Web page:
“I’ve only received a rather angry missive from her father. It seems they are giving me time to think it over and change my mind. The thing is, I don’t see why I should. Why can’t we both have what we want, Gerard?”
“I’m so sorry.” Gerard frowned in concern. He sat down in one of the chairs, his top hat balanced on his knee.
“It’s for the best,” Adam assured him. “What we want are two very different things.” He was disappointed, yes. He didn’t love Lady Cecily, but he had presumed that they would come to some sort of mutual affection at some point or another. They had become engaged as soon as her mourning period for his brother had ended.
Though they were opposites, Adam had thought that Cecily’s love of painting would give her a pursuit of her own. That way, while he was in his laboratory, she could be in her studio. He had proposed to her, believing that they could both be successful in their chosen fields, leaving the balls and such to the rest of the ton. Clearly, he had been mistaken. The idea that, after marriage he would have to eschew his work in the lab in favor of hosting balls and parties was appalling to him.
“Yes, well, announcing to the ton that you believe that women are equal to men, and intimating that the ladies and gentlemen of the ton are no better than ordinary folk, you’re bound to be labeled as a firebrand,” Gerard pointed out.
“Was it the terminology that I used, or the idea?” Adam mused.
“Both,” Gerard replied with a laugh. “They like to believe that they are the natural elite in every way.”
“Women are not inferior to men. It’s ridiculous to treat them as such. They have been forced into a very small box. We should allow them to explore other options, let them pursue their passions. Society just needs to give them a chance.”
“Perhaps you’re right.”
“Of course, I’m right.”
Gerard laughed at this and then said, “Well, I for one, am glad to hear that you still have fight in you. Can I tempt you out of this room for a trip to my club?”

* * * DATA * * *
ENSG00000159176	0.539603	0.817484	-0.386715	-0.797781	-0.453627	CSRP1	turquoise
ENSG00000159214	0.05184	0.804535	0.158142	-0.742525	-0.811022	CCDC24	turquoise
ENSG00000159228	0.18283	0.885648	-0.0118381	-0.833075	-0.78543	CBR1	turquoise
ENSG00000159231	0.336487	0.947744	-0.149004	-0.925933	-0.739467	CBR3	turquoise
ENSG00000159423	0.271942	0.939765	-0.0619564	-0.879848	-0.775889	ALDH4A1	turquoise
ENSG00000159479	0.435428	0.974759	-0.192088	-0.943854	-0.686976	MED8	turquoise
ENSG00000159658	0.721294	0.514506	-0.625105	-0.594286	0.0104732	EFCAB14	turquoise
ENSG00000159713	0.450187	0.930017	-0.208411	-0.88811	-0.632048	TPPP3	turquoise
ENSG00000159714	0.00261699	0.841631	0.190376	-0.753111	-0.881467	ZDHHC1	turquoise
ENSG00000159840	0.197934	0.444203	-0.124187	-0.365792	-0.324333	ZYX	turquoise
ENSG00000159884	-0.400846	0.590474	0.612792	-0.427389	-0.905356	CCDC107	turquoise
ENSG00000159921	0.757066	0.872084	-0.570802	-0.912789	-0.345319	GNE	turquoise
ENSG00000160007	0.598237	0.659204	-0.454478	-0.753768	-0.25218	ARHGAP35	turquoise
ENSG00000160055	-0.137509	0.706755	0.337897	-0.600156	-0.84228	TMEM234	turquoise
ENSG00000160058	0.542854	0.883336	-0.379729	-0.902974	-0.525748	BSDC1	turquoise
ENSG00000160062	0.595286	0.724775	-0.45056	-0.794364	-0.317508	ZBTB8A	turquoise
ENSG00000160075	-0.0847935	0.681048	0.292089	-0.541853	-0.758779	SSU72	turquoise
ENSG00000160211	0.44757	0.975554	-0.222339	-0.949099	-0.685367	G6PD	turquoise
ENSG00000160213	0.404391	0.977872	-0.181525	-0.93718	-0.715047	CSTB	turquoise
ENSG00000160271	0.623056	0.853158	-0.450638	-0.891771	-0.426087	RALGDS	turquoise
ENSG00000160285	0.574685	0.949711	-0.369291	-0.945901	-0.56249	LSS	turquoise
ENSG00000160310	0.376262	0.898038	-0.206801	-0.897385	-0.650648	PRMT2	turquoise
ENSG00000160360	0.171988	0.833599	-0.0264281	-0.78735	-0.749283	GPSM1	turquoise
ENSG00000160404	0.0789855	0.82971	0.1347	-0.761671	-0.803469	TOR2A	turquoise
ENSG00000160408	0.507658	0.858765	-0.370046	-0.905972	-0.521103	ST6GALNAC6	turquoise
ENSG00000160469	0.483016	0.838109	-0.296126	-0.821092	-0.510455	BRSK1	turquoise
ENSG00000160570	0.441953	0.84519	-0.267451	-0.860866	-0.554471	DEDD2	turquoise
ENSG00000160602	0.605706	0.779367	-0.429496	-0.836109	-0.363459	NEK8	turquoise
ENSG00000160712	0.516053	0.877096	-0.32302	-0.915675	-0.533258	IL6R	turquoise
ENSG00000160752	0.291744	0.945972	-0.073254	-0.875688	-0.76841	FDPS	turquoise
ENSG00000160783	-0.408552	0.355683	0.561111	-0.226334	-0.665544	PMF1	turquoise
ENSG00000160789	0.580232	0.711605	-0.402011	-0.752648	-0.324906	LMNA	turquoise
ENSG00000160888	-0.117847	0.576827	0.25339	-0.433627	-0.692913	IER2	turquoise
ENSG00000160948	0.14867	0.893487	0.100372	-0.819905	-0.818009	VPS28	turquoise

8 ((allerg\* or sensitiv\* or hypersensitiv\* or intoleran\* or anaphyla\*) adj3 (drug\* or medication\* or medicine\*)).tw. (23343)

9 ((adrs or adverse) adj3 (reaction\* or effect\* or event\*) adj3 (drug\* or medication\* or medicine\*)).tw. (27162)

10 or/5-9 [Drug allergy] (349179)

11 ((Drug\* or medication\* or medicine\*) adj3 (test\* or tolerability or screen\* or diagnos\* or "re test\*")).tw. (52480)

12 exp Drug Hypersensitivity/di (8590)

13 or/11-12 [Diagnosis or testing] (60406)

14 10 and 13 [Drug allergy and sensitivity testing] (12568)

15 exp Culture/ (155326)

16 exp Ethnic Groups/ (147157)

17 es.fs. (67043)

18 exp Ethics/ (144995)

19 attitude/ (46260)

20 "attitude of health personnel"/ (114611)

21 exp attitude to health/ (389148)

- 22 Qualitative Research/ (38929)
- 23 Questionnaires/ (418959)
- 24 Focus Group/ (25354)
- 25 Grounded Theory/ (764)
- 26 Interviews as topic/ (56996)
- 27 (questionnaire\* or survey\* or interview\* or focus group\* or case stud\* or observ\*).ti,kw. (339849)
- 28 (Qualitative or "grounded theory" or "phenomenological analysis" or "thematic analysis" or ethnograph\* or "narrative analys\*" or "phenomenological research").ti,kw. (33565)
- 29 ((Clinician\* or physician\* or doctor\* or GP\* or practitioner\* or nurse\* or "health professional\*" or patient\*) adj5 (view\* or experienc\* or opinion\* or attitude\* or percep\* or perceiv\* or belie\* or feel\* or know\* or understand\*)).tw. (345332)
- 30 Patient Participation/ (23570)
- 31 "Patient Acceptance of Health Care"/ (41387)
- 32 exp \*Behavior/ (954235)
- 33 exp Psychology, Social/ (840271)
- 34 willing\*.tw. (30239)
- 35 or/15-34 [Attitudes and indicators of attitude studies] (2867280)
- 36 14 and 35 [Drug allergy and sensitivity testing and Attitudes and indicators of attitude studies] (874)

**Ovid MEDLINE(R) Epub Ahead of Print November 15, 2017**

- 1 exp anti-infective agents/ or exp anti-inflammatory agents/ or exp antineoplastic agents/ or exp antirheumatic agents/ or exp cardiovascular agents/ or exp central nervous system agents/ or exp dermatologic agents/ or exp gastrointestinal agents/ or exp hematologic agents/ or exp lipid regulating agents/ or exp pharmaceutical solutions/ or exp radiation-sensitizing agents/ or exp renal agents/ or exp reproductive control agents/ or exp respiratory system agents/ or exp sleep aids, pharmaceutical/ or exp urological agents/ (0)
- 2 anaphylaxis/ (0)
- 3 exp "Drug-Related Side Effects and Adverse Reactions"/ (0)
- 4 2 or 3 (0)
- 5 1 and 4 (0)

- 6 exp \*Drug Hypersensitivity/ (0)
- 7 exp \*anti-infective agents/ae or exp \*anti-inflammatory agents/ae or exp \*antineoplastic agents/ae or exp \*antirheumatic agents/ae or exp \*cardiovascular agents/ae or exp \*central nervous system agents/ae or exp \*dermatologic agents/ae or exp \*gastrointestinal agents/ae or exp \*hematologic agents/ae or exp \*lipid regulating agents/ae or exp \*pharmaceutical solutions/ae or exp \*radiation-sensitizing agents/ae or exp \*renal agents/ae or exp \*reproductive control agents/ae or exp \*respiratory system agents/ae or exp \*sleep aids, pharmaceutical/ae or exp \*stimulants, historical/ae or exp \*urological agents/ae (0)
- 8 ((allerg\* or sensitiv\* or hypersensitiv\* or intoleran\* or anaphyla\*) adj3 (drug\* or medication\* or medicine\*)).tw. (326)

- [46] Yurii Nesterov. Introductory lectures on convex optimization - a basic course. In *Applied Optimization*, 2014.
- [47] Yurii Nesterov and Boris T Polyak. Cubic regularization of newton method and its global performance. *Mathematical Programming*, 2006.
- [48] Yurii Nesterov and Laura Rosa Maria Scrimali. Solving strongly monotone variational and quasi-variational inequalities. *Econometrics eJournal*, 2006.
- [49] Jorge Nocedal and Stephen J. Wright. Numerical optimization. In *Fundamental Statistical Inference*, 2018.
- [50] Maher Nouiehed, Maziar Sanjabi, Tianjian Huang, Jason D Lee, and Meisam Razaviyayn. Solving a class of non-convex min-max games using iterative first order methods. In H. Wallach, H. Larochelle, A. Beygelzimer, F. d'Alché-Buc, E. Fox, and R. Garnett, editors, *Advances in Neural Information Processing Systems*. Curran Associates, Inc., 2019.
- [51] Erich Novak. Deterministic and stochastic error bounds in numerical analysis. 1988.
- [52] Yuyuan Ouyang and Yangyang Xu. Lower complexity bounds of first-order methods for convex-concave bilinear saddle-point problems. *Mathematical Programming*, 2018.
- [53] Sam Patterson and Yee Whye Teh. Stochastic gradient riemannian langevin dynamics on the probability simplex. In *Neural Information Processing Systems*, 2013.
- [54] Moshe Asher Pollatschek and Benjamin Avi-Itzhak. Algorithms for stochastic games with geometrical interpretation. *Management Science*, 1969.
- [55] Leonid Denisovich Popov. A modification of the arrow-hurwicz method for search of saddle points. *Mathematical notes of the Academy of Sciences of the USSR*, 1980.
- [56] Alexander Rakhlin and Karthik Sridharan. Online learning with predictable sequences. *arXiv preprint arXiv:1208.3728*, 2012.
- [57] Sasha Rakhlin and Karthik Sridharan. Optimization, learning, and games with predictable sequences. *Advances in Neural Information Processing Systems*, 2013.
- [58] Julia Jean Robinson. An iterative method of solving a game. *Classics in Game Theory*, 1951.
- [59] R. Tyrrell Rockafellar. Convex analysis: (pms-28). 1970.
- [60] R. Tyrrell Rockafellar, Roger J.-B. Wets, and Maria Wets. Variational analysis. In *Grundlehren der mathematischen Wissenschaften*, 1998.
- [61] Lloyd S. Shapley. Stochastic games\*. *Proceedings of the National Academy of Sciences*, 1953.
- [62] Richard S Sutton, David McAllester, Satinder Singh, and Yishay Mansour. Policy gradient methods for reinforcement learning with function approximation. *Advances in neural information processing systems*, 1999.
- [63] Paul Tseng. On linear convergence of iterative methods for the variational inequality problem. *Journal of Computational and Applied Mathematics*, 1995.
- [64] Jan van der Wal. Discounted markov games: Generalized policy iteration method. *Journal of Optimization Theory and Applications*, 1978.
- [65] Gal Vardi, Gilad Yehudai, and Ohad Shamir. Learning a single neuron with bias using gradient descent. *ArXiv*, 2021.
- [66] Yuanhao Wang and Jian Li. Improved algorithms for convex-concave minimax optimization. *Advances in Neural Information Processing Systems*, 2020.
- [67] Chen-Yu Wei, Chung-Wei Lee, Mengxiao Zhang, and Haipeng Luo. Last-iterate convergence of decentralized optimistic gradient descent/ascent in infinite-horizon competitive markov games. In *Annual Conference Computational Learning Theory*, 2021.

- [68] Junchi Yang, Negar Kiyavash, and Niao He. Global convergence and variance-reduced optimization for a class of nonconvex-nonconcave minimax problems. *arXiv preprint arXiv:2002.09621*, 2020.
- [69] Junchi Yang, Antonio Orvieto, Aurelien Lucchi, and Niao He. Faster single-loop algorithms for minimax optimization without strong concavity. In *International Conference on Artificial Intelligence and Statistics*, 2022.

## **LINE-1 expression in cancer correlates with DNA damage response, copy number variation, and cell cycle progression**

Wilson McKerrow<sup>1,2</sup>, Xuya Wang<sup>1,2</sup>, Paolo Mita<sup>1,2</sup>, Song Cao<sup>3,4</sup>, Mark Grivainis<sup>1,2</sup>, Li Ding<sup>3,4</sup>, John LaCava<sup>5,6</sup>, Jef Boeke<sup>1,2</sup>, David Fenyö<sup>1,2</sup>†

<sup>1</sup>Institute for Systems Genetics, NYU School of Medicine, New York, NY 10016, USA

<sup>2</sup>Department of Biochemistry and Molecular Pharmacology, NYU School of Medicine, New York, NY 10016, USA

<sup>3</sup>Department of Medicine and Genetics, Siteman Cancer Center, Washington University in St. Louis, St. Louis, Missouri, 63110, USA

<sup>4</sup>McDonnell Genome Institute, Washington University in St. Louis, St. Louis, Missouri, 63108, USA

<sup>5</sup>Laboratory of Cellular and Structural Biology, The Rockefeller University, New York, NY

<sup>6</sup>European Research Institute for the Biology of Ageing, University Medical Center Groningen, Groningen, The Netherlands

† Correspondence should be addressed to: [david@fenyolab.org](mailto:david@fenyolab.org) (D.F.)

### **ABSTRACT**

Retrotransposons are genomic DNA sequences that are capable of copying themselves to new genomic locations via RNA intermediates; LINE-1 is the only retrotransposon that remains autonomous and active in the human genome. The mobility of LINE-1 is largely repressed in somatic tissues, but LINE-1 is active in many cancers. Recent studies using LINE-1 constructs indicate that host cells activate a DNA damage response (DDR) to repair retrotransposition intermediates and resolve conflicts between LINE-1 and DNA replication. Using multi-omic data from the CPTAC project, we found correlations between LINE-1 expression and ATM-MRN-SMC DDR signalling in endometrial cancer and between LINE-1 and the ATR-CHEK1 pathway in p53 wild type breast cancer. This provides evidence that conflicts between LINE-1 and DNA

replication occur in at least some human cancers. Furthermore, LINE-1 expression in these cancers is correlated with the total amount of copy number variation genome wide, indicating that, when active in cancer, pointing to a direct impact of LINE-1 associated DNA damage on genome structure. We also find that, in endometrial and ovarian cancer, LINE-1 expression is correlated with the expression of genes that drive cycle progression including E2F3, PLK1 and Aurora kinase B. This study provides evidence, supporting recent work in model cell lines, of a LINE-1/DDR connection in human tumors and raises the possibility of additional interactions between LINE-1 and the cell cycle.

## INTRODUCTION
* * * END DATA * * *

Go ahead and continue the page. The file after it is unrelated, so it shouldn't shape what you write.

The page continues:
Adam looked mournfully at his failed experiment. What he needed was a break to clear his head and to come up with a solution. A drink or two with his friend was in order.
“Yes, I suppose you can.”
“I suppose you’ll want to shave first?” Gerard asked.
Adam rubbed his chin, finding whiskers. He tried, but he could not recall the last time he’d shaved.
“I’ll be but a moment.”
The lighting at Gerard’s club was dim. There was a fireplace, along with several lit candelabras. It was decorated in dark green, with lush leather seats and mahogany wood furniture. Off in the corner, a man played the piano. There was the low buzz of conversations in the air. Cigar smoke hung in a haze.
Adam knew that his friend was trying to distract him from his many failings of late. Not only in the lab but the pending dissolution of his engagement as well. He had the hunch that his father had written to Gerard, asking him to check on Adam.
“When do you plan on paying Lady Cecily a visit?” Gerard asked, gesturing with his full glass of brandy.
“I don’t have any plans. Although I should do it sooner rather than later.”
“What’s keeping you?”
“I thought…well, I was beginning to care for her,” Adam replied. “I was looking forward to marrying her.”
“But you only respect her,” Gerard pointed out.
“I suppose you’re right. The engagement was nothing more than a misunderstanding of how we wanted to live our lives.”
The two friends sat silently sipping their drinks. Adam thought back over the time that he had spent pursuing Lady Cecily. He hadn’t had to try very hard. She had been engaged to his brother, Thomas. After Thomas had passed after a long bout with consumption, both Adam’s parents, as well as Lady Cecily’s had decided that they would be engaged. Adam was angry with himself for going along with it. He wished that he had questioned it all. It was like he was being forced even further into a life and a role that didn’t fit him.
Gerard’s gaze was on the door. “Don’t look now,” he muttered.
Adam turned, to find that Mr. Percival Sullyard was walking through the door. Mr. Sullyard was a self-made gentleman. He was Adam’s biggest competitor in the tobacco trade. Adam suspected that Mr. Sullyard had chosen it merely to continue to continue to plague him. Mr. Sullyard had gotten lucky—although he always claimed that he made his own luck.
“How is he allowed in a gentlemen’s club?” Adam asked.
“He bought his way in,” Gerard replied. “How else? Speaking of which, you can too.”
“Not if he’s allowed in,” Adam stated flatly.
Adam and Mr. Sullyard’s eyes locked immediately. Adam saw the gleam in his eyes. The man was absolutely wretched. He sneered, baring his crooked teeth, as he crossed the room.
“Lord Malmore,” he said, bowing. “It’s so good to see that you’ve left your laboratory for once.” Mr. Sullyard was a sallow individual who wore a wig, not because it was fashionable but because he was balding. His manner of dress was overly ostentatious; his frock coat was a pale green with gold embroidery on the lapels. Underneath, he wore a flamboyant waistcoat with an intricate golden watch chain.